Low weekly jobless claims underscore U.S. labor market tightness; Q3 growth revised up

  • Weekly jobless claims rose 2,000 to 216,000
  • Continuing claims dropped 6,000 to 1.672 million
  • Third quarter GDP growth revised up to 3.2%

WASHINGTON, Dec 22 (Reuters) – The number of Americans who filed new claims for unemployment benefits rose less than expected last week, pointing to a sluggish job market, while the economy rebounded faster than previously expected in the third quarter.

The strength of the labor market, also highlighted by a drop in unemployment in early December after rising sharply since October, raises the risk that the Federal Reserve could continue to raise interest rates to higher levels and keep them there for a while as it tackles inflation. . The US central bank is trying to cool demand for everything from housing to jobs to bring inflation back to its 2% target.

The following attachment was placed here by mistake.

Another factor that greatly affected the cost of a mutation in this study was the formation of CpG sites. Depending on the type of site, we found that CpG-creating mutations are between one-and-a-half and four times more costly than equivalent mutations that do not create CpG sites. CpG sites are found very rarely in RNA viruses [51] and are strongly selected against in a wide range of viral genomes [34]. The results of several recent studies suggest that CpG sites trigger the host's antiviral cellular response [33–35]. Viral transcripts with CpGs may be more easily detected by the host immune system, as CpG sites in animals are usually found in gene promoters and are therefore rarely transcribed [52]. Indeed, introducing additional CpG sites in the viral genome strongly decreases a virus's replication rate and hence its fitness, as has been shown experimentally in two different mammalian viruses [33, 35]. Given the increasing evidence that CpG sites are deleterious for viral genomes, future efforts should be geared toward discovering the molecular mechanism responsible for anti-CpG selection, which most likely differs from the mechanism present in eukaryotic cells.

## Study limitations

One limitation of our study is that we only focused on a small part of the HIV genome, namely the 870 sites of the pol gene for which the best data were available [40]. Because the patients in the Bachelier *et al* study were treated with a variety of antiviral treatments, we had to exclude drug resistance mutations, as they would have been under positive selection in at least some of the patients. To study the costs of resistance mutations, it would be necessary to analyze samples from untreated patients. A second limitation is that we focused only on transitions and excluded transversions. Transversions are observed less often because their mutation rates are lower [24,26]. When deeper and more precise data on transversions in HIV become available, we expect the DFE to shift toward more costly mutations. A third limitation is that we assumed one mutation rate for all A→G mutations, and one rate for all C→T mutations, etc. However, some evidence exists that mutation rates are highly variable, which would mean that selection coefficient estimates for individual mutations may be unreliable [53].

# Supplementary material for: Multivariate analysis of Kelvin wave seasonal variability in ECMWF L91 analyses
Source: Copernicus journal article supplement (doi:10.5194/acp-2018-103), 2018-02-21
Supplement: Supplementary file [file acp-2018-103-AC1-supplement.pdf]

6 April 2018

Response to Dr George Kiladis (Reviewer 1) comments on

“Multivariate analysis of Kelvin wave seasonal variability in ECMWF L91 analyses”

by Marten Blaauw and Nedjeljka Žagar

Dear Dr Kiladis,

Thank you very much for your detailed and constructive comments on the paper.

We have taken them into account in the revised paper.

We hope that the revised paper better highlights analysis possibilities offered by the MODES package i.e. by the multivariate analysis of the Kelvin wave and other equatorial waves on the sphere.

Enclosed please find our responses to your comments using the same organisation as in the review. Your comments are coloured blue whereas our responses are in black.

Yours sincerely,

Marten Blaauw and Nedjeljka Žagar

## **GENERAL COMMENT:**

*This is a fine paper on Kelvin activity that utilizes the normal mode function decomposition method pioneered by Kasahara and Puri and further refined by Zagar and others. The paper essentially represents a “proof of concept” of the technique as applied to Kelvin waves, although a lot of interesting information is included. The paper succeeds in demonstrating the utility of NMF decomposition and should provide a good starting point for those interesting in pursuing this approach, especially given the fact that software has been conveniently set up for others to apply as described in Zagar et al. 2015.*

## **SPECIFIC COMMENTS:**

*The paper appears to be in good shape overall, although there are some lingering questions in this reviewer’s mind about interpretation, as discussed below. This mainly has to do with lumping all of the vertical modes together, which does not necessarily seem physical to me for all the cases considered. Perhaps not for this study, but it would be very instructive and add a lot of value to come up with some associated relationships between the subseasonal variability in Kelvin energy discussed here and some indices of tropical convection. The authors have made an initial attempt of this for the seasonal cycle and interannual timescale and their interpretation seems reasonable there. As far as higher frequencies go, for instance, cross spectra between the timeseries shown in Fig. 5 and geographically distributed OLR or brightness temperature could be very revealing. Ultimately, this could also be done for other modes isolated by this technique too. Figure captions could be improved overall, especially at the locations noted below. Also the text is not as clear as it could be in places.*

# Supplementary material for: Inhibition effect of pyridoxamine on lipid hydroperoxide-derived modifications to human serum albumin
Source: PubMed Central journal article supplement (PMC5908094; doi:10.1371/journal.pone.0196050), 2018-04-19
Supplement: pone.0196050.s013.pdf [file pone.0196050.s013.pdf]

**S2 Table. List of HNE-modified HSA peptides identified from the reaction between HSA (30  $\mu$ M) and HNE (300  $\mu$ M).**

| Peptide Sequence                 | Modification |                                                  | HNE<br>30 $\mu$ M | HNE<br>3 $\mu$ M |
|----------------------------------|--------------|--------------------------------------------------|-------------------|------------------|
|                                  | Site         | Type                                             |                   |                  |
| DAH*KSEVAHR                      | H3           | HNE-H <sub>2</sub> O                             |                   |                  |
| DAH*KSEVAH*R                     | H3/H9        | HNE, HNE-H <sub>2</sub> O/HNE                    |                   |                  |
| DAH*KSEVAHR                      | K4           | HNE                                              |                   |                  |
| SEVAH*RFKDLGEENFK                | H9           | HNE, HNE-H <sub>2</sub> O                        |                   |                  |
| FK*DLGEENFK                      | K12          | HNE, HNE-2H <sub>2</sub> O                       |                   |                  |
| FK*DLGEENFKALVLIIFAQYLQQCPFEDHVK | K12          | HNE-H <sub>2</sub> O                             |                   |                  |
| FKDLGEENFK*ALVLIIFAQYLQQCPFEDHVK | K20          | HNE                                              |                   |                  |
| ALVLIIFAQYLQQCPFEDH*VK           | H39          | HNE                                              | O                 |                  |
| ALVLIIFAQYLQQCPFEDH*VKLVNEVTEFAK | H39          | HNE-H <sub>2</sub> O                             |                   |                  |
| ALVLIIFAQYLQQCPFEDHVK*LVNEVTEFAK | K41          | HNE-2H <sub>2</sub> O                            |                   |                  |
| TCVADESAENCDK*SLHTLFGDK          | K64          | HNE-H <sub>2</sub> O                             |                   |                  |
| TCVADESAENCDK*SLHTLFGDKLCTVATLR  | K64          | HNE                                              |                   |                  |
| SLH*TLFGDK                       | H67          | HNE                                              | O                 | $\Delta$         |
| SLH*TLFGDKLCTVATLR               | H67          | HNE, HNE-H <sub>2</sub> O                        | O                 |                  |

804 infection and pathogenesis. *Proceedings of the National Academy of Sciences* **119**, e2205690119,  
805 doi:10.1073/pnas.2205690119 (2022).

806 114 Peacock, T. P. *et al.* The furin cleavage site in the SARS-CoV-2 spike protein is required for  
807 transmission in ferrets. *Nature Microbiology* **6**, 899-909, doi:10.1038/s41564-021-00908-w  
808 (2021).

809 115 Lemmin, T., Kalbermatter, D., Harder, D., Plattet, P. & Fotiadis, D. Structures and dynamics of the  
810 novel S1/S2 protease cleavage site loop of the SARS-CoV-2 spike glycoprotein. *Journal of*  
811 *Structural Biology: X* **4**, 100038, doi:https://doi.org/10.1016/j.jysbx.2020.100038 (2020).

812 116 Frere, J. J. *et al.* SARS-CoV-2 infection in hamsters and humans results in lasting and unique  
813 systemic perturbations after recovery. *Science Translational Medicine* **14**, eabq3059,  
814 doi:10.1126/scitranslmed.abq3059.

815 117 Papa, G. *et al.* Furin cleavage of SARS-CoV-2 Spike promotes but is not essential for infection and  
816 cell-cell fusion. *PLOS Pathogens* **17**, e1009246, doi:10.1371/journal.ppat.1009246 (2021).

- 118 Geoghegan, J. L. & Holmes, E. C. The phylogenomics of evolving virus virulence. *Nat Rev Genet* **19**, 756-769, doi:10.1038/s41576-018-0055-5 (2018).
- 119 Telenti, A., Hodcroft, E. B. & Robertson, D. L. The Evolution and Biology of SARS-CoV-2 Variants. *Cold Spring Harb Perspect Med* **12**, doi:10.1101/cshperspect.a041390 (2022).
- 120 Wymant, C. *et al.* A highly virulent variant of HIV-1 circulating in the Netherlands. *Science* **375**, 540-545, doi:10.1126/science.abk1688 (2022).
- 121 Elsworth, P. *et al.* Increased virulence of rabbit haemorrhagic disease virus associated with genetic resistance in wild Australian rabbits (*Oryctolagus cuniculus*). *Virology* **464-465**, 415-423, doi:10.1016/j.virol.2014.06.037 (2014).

“The economy is not as close to death’s door as the markets thought,” said Christopher Rupkey, chief economist at FWDBONDS in New York. “The Fed may need to raise interest rates even further in 2023 because the economy is not slowing enough for price pressures to continue.”

Initial claims for federal jobless benefits rose by 2,000 to an adjusted 216,000 during the week ending Dec. 17, leaving much of the decline from the previous week, Labor Department data showed Thursday.

Economists polled by Reuters had forecast 222,000 claims last week. Claims have fluctuated up and down in recent weeks, but remained below the 270,000 mark, which economists say would raise a red flag for the labor market.

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Layoffs in the technology sector and interest rate-sensitive industries such as housing have not had an impact on claims so far. Unadjusted claims fell 4,064 to 247,867 last week, amid big declines in California, Indiana, Ohio and Texas, which offset big increases in Massachusetts.

Fed chairman Jerome Powell said last week that “it sounds like we’re short on staff.” The Fed last Wednesday raised the policy rate by 50 points in the 4.25%-4.50% range, the highest since the end of 2007. Fed officials expect the rate to rise between 5.00% and 5.25% next year.